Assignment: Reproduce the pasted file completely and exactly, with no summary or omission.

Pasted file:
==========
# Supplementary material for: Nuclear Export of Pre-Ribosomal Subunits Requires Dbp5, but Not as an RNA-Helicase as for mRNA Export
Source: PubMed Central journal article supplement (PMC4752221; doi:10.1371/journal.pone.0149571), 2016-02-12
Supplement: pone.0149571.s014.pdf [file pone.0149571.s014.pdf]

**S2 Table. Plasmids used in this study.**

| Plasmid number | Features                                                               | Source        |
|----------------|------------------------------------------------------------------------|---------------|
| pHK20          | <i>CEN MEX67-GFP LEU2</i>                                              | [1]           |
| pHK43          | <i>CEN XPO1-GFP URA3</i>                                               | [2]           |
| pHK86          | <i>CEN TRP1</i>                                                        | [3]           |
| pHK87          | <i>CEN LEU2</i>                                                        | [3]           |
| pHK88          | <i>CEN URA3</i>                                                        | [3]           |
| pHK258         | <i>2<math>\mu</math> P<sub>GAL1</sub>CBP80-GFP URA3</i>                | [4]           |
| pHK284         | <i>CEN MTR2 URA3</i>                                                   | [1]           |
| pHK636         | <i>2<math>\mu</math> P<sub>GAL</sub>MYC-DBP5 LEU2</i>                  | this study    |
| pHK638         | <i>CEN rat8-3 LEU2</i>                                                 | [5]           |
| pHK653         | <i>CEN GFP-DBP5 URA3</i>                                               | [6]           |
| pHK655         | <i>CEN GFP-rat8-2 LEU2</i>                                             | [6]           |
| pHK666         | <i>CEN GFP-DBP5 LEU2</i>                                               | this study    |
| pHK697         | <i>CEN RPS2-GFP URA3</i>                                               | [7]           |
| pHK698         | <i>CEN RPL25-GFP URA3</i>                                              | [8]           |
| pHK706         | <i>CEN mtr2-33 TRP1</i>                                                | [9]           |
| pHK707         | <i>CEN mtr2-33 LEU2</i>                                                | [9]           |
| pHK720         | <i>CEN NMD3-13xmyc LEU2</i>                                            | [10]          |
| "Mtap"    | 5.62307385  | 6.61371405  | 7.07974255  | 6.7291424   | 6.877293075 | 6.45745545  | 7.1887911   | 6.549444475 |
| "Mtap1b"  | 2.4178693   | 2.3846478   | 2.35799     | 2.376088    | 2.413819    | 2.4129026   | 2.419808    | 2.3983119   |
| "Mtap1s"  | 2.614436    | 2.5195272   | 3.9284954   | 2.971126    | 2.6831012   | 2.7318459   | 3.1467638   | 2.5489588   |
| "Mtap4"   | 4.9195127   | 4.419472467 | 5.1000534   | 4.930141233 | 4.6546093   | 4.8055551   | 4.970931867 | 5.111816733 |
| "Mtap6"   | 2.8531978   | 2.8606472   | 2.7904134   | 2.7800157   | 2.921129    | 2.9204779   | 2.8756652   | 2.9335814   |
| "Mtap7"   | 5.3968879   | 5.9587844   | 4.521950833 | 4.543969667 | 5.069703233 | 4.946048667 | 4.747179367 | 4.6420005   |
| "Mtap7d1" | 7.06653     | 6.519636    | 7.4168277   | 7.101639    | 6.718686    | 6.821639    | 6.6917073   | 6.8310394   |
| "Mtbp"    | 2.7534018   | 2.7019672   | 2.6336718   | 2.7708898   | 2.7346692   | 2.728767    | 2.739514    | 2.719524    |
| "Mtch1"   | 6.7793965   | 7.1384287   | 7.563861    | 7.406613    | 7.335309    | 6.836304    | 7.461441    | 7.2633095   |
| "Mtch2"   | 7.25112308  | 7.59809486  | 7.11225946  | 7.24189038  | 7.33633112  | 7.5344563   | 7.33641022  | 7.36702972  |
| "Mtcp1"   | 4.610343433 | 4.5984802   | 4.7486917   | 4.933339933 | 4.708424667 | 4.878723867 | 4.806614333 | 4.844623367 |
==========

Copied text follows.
# Supplementary material for: Nuclear Export of Pre-Ribosomal Subunits Requires Dbp5, but Not as an RNA-Helicase as for mRNA Export
Source: PubMed Central journal article supplement (PMC4752221; doi:10.1371/journal.pone.0149571), 2016-02-12
Supplement: pone.0149571.s014.pdf [file pone.0149571.s014.pdf]

**S2 Table. Plasmids used in this study.**

| Plasmid number | Features                                                               | Source        |
|----------------|------------------------------------------------------------------------|---------------|
| pHK20          | <i>CEN MEX67-GFP LEU2</i>                                              | [1]           |
| pHK43          | <i>CEN XPO1-GFP URA3</i>                                               | [2]           |
| pHK86          | <i>CEN TRP1</i>                                                        | [3]           |
| pHK87          | <i>CEN LEU2</i>                                                        | [3]           |
| pHK88          | <i>CEN URA3</i>                                                        | [3]           |
| pHK258         | <i>2<math>\mu</math> P<sub>GAL1</sub>CBP80-GFP URA3</i>                | [4]           |
| pHK284         | <i>CEN MTR2 URA3</i>                                                   | [1]           |
| pHK636         | <i>2<math>\mu</math> P<sub>GAL</sub>MYC-DBP5 LEU2</i>                  | this study    |
| pHK638         | <i>CEN rat8-3 LEU2</i>                                                 | [5]           |
| pHK653         | <i>CEN GFP-DBP5 URA3</i>                                               | [6]           |
| pHK655         | <i>CEN GFP-rat8-2 LEU2</i>                                             | [6]           |
| pHK666         | <i>CEN GFP-DBP5 LEU2</i>                                               | this study    |
| pHK697         | <i>CEN RPS2-GFP URA3</i>                                               | [7]           |
| pHK698         | <i>CEN RPL25-GFP URA3</i>                                              | [8]           |
| pHK706         | <i>CEN mtr2-33 TRP1</i>                                                | [9]           |
| pHK707         | <i>CEN mtr2-33 LEU2</i>                                                | [9]           |
| pHK720         | <i>CEN NMD3-13xmyc LEU2</i>                                            | [10]          |
| "Mtap"    | 5.62307385  | 6.61371405  | 7.07974255  | 6.7291424   | 6.877293075 | 6.45745545  | 7.1887911   | 6.549444475 |
| "Mtap1b"  | 2.4178693   | 2.3846478   | 2.35799     | 2.376088    | 2.413819    | 2.4129026   | 2.419808    | 2.3983119   |
| "Mtap1s"  | 2.614436    | 2.5195272   | 3.9284954   | 2.971126    | 2.6831012   | 2.7318459   | 3.1467638   | 2.5489588   |
| "Mtap4"   | 4.9195127   | 4.419472467 | 5.1000534   | 4.930141233 | 4.6546093   | 4.8055551   | 4.970931867 | 5.111816733 |
| "Mtap6"   | 2.8531978   | 2.8606472   | 2.7904134   | 2.7800157   | 2.921129    | 2.9204779   | 2.8756652   | 2.9335814   |
| "Mtap7"   | 5.3968879   | 5.9587844   | 4.521950833 | 4.543969667 | 5.069703233 | 4.946048667 | 4.747179367 | 4.6420005   |
| "Mtap7d1" | 7.06653     | 6.519636    | 7.4168277   | 7.101639    | 6.718686    | 6.821639    | 6.6917073   | 6.8310394   |
| "Mtbp"    | 2.7534018   | 2.7019672   | 2.6336718   | 2.7708898   | 2.7346692   | 2.728767    | 2.739514    | 2.719524    |
| "Mtch1"   | 6.7793965   | 7.1384287   | 7.563861    | 7.406613    | 7.335309    | 6.836304    | 7.461441    | 7.2633095   |
| "Mtch2"   | 7.25112308  | 7.59809486  | 7.11225946  | 7.24189038  | 7.33633112  | 7.5344563   | 7.33641022  | 7.36702972  |
| "Mtcp1"   | 4.610343433 | 4.5984802   | 4.7486917   | 4.933339933 | 4.708424667 | 4.878723867 | 4.806614333 | 4.844623367 |